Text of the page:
Bulletin series on Latin
  • JonLaird
    Posts: 219
    I am wrapping up a bulletin series on the importance of Latin in the liturgy, and since I know many of you get the same questions I do, I thought I would share it.
  • Jon, thanks for these.
    Thanked by 1JonLaird
  • Succinct.
    Very nicely done!
    Thanked by 1JonLaird
  • It’s also worth noting that many of the other major Christian Churches also maintain hieratic languages for worship: Old Church Slavonic, Coptic, etc. No one freaks out in Egyptian Churches when a hymn is sung in Coptic, regardless of whether the congregation understands it.

    I think this is a point we often overlook because most Westerners (understandably) think “other Christian churches” refers to Protestants, but as Catholics it makes much more sense, theologically and historically, to think of other “Churches” as the Orthodox Churches.
    Thanked by 2CHGiffen BruceL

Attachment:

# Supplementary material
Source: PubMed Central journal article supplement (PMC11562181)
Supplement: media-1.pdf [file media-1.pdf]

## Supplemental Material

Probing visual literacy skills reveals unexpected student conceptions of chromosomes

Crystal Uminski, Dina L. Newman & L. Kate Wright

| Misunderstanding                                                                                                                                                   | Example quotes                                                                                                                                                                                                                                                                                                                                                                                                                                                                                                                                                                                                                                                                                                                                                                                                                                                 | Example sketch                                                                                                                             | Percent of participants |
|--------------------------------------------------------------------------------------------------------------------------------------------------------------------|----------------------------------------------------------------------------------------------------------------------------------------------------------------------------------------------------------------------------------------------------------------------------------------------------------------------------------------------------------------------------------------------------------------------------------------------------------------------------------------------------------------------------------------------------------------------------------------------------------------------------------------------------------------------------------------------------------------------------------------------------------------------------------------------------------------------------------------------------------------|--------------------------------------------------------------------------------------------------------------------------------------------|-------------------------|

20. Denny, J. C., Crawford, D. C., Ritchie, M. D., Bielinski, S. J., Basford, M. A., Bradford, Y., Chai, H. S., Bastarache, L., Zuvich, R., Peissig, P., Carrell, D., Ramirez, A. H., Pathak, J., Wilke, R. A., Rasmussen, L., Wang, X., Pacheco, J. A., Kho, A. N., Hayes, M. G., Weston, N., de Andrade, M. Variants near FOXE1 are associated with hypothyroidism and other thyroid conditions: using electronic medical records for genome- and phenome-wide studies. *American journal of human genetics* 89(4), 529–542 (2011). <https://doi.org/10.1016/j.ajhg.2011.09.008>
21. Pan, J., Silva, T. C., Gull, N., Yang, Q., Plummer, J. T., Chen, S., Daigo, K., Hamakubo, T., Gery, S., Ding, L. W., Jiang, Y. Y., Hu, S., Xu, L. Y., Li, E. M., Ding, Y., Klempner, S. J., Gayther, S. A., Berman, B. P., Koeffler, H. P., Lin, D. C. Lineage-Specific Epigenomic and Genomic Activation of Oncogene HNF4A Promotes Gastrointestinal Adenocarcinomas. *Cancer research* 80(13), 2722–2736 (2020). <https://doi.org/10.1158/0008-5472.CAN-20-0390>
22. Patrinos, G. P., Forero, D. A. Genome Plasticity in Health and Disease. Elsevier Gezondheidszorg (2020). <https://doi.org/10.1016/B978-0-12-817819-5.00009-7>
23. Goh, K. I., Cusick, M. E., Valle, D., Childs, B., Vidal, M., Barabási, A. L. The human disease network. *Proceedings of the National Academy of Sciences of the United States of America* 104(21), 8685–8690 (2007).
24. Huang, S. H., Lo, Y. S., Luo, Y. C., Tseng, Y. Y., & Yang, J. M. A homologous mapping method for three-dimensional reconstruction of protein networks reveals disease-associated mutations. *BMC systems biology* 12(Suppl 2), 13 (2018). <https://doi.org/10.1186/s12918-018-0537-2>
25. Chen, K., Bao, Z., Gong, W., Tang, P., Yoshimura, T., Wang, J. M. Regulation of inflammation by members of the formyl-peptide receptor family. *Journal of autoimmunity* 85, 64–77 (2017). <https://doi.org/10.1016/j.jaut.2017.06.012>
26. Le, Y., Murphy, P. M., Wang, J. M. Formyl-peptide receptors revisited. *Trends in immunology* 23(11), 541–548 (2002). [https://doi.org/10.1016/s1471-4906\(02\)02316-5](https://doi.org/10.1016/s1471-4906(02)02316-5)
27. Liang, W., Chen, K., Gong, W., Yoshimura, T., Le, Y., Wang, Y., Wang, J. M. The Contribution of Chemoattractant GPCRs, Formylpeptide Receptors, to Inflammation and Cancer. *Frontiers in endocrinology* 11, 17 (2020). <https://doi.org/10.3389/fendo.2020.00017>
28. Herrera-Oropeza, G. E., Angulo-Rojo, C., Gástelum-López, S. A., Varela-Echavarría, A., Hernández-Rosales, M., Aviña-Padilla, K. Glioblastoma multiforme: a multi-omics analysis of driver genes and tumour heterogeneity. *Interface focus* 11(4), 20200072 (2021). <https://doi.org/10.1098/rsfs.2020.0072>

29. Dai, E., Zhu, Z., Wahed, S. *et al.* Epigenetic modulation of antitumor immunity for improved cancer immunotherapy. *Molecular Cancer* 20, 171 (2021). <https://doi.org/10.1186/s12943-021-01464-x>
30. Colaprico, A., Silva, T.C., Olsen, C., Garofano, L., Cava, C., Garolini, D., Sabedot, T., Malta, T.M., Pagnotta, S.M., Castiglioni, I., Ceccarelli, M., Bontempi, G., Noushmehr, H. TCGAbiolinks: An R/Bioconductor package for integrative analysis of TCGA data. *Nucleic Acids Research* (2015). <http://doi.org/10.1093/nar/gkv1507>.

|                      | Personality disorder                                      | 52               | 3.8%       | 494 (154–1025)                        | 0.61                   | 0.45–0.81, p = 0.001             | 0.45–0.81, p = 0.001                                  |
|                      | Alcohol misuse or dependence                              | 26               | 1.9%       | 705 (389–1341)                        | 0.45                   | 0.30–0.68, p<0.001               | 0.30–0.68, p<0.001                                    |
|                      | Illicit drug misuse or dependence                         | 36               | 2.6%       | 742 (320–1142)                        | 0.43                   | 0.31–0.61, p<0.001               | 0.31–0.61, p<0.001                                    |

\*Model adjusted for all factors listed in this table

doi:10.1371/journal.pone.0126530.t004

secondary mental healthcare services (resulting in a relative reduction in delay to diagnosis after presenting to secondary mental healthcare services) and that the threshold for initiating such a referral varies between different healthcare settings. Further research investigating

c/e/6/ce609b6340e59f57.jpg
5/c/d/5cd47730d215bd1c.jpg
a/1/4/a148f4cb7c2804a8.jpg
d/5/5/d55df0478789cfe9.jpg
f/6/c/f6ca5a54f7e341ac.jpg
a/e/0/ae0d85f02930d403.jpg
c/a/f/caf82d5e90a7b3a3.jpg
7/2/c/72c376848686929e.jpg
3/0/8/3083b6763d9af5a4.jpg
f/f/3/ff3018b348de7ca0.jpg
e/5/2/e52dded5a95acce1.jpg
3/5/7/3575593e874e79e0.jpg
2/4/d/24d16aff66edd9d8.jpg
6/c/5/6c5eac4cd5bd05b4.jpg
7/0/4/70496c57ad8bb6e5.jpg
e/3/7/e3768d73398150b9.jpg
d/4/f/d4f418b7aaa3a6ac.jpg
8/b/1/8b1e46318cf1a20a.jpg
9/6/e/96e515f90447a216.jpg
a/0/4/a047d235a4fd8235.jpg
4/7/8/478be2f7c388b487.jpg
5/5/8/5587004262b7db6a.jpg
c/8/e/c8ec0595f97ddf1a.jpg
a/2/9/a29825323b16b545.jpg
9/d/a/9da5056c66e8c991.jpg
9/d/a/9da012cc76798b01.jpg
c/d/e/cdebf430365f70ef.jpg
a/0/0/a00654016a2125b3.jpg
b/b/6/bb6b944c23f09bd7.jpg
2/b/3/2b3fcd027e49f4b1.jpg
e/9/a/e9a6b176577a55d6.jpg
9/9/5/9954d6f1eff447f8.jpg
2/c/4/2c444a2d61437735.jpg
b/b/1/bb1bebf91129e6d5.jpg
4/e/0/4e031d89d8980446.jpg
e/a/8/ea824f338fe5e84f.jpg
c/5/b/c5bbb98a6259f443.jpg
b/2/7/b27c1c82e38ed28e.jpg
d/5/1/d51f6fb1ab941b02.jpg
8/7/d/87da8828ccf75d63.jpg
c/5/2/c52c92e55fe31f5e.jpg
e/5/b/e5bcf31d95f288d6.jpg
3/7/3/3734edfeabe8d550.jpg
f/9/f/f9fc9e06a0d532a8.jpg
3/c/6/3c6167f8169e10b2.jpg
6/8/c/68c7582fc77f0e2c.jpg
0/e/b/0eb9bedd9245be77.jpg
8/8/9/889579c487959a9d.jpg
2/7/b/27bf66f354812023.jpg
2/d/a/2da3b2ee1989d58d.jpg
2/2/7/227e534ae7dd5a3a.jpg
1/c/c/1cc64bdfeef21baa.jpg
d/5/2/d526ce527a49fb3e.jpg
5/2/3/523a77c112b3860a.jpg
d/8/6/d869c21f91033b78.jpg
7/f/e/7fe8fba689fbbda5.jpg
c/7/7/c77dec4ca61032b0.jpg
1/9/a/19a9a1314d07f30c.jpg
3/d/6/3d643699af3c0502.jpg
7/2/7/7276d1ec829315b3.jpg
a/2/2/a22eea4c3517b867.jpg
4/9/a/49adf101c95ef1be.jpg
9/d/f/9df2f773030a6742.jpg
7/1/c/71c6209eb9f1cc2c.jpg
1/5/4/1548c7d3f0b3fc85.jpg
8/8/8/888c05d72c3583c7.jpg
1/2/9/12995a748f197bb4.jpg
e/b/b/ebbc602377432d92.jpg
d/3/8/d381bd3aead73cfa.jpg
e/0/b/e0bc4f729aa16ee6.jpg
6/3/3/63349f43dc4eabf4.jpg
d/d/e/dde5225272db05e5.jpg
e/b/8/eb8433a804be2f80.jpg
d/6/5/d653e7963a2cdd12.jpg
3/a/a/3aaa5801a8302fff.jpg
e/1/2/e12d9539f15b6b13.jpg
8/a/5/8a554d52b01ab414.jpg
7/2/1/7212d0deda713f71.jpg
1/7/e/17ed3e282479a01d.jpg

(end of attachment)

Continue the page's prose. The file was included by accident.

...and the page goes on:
• vansensei
    Posts: 166
    @Felipe, not only Christians, but other religions, too. Ask anyone who had a bar mitzvah, and they likely remember a lot of the Hebrew... regardless if they spoke it or not
  • Many otherwise vernacular mediaeval books (e.g., Langland's Piers Plouwman, et al.) are chock full of Latin and references to holy writ, as were mediaeval sermons, which were at least nominally in the 'vernacular'. This leads one to conclude that (contrary to the Protestant trope and common mis- perceptions) mediaeval people, even average people, had at least a moderate understanding of Latin. They could hardly have attended mass all their lives, participated in countless mystery plays and processions, sang macaronic carols, and been around literati who spoke Latin every day, without acquiring some ability to understand, quote, and even speak at least some form of Latin. Even every-day speech was peppered with Latin. Latin, after all, was not nearly as 'dead' then as it is now. It was, as yet, a fact of every day existence.

    In fact, I am on the verge of ordering a new book which treats of this very subject. It is Preaching and Teaching in the Mediaeval Church, by Christopher Cannon, Oxford UP. Some others here may want to acquire this book, which, judging from the review, promises to be quite a significant contribution to the subject.
  • DanielT
    Posts: 5
    Thank you Jon, this is a wonderful resource!
    Thanked by 1JonLaird